I am convinced that the Ukrainian disaster is not over, it will evolve until Ukraine understands that the only option is to split into two parts and live apart. Some are now promoting the idea, that there is not such thing as two different Ukraines. But they are different and it is yet to show. Even if they manage to preserve the unity, replacing the security forces, it will not solve anything.

Crimea definitely does not want to be placed under the authority of the “Orange Princess”. Now we need to bet on some really pro-Russian political forces that would clearly, without disguises would declare their demands, saying that they are trying to make us follow the choice of western Ukraine, and we believe that you have to ask the Ukrainian people, because now it’s nothing but speculations: this is what the Crimea thinks, this is what Ukraine thinks. Let’s hold a referendum and find out what Ukraine thinks.

These are the forces we need to back, not those oligarchs we used to support, who assured Moscow of their loyalty, while continuing secret negotiations with the West, trying to save their own skin.

- The West is screaming about an unexpected victory for Washington and Europe in their escalated competition with Putin on the geopolitical stage. But isn’t it a Pyrrhic victory?

Europe made a big mistake in Ukraine, but this mistake was manufactured in the USA. Americans came up with a silly theory that “you have to grab Ukraine, because if you will take Ukraine away from Russia, Russia will become an empty shell.”

And Europeans were happy to catch on that idea. Really, that’s the secret! Instead of thinking hard about how to improve relations with Russia. And instead of thinking about how to integrate Russia into Europe, they are looking for ways to make Russia weaker, not realizing that in fact it is only in the interest of the United States that dream about weakening Europe, their economic rival.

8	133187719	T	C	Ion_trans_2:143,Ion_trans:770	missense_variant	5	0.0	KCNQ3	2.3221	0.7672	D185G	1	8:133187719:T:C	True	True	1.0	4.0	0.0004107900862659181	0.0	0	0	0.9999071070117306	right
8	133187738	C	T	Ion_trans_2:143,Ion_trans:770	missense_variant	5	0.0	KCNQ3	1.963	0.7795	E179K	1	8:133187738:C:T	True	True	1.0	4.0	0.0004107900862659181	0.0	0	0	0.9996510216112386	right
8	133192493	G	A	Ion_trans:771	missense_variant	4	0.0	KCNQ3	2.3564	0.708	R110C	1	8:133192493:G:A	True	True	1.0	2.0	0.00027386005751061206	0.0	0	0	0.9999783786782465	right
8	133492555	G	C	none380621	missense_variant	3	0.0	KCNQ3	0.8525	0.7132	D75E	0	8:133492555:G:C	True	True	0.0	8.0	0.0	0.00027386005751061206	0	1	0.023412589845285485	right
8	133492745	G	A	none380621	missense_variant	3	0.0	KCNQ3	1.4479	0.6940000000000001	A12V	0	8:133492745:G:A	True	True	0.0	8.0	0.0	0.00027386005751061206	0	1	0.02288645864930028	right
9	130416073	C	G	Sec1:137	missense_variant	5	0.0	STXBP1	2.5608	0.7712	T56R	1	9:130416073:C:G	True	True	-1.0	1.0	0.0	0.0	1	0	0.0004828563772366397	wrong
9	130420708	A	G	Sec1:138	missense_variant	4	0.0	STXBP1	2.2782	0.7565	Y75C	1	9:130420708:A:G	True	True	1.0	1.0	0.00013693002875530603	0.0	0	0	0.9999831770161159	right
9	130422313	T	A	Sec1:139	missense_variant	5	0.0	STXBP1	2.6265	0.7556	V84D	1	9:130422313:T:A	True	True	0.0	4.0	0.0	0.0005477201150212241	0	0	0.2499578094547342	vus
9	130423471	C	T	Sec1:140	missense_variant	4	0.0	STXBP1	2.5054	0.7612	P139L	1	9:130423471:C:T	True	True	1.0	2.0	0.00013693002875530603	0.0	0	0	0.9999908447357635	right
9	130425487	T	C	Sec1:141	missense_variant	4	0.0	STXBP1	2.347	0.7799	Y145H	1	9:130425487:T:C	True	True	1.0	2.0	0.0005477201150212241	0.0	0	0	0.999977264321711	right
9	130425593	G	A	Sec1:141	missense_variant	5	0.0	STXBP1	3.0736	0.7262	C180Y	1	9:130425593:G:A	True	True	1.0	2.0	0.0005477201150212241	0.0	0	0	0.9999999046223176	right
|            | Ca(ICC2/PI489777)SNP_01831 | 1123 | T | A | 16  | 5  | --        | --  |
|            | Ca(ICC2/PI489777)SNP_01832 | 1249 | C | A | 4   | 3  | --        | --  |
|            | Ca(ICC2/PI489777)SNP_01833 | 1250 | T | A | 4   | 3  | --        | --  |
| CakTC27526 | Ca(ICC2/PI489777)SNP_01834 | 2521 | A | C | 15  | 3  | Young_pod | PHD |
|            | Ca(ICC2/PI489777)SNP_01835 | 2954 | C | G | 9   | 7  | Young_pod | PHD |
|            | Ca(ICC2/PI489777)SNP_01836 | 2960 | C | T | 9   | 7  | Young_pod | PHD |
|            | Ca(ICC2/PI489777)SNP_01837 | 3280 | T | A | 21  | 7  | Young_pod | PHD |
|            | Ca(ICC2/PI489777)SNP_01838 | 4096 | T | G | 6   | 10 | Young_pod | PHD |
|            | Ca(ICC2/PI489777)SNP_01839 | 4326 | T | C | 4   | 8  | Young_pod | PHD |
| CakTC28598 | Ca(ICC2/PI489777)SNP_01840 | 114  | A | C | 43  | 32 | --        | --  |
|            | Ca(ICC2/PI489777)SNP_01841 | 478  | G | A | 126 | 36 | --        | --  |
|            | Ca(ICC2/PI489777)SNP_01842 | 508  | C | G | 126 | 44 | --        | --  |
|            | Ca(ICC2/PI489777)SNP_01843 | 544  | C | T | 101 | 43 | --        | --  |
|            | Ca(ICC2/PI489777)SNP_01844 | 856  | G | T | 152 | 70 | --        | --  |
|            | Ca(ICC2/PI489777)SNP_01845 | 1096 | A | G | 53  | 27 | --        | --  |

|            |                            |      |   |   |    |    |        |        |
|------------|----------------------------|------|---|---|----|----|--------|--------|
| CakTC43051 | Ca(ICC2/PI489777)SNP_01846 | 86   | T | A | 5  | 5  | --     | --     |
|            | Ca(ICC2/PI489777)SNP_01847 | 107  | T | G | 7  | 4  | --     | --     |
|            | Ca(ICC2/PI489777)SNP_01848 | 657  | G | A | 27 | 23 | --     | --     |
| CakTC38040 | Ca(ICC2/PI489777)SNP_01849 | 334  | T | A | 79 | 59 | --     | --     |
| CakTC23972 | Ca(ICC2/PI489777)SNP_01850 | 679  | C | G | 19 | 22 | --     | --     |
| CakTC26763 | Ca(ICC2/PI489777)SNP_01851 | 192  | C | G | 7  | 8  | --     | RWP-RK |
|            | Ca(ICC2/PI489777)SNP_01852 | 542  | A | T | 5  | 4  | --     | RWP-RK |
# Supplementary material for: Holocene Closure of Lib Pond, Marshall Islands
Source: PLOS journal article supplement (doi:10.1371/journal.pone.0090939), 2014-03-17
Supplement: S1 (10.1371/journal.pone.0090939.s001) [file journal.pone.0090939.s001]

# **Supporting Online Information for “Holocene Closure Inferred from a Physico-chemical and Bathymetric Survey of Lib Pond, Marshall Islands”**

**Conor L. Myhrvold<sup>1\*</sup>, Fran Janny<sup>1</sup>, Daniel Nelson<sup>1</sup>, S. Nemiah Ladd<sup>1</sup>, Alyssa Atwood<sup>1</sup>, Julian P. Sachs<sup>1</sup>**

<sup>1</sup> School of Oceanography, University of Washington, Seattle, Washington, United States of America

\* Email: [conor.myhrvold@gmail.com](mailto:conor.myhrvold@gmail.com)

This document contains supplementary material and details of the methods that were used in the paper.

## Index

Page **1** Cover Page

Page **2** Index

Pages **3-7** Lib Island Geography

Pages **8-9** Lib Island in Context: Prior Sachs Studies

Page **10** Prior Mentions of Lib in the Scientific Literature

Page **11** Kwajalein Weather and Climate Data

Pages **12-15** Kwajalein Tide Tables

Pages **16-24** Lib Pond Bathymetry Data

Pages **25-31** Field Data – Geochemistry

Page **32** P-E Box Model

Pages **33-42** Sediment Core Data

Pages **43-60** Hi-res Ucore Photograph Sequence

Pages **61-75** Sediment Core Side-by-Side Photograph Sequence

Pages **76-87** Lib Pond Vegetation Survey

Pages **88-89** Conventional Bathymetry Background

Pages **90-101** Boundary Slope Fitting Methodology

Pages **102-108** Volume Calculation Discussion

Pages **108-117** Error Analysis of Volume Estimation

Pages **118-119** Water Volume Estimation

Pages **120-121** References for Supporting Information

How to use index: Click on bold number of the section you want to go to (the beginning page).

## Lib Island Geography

And so it is a colossal U.S. victory: once again they managed to play their dirty trick on Europeans, and now Europe must take responsibility for the devastated country of 40 million against the background of the most severe crisis in southern Europe.

Europe has no model to resuscitate Ukraine, has never had, because it was a political approach: let’s grab Ukraine before Russia does, and then we’ll figure out what to do next. That’s what they will have to do now – to figure out what to do with Ukraine. And it is not clear what to do with it. This is a huge problem, and of course, everything is predictable about what Ukraine will be in 3-4 years. We’ve seen that before. Ukraine is a country of political cycles, it goes in circles, it happened when Yushchenko won, for 4 years he was blasted by the Europeans, the same thing will happen now.

Now, of course, there will be euphoria… and then, in 2-3 years, there will be either just an economic crisis or an economic crisis, that resulted from following the European advice. Imagine Europeans come and what would be their advice? Listen, you have some kind of socialism here. How come your energy prices are lower in Russia? You should raise them.

What do you guys think you’re doing, where are the European values? Well, what do you expect, this is a free market, so electricity is 5 times more expensive. So what? Jobs? There’s no work, you are at a competitive market, you have archaic industries, you need a decade to develop them, and for now, guys, sorry, but you have to cut social spending, increase the cost of energy.

And people will clutch their heads. But wait, we are with you, we are Europeans. No, wait a second, you are not Europeans? You are bums. Now you are under an economic quarantine. First build good institutions, and then you can try to join our good company. That’s the way it works. And this will be the moment of truth.

Therefore, for Europeans it will be a serious problem, because unlike the United States, Ukraine is across their borders, not across the border of Texas.

And for Russia, I believe the main task now is to think about what will happen in four years. The worst that can happen it’s we start granting asylum to all these Yanukovychs, Pshonkas and so on. This is the worst case scenario, if we try to clutch on some wreckage. We must regroup, and bet on new political forces in the East, that will say “we want to put the independence of the East on the political agenda, we want to ask the people of Ukraine if they want a federation.” Those are the ones we need to support, not that Yanukovych gang, that somebody in Russia might try to save now. But they should not do it under any circumstances.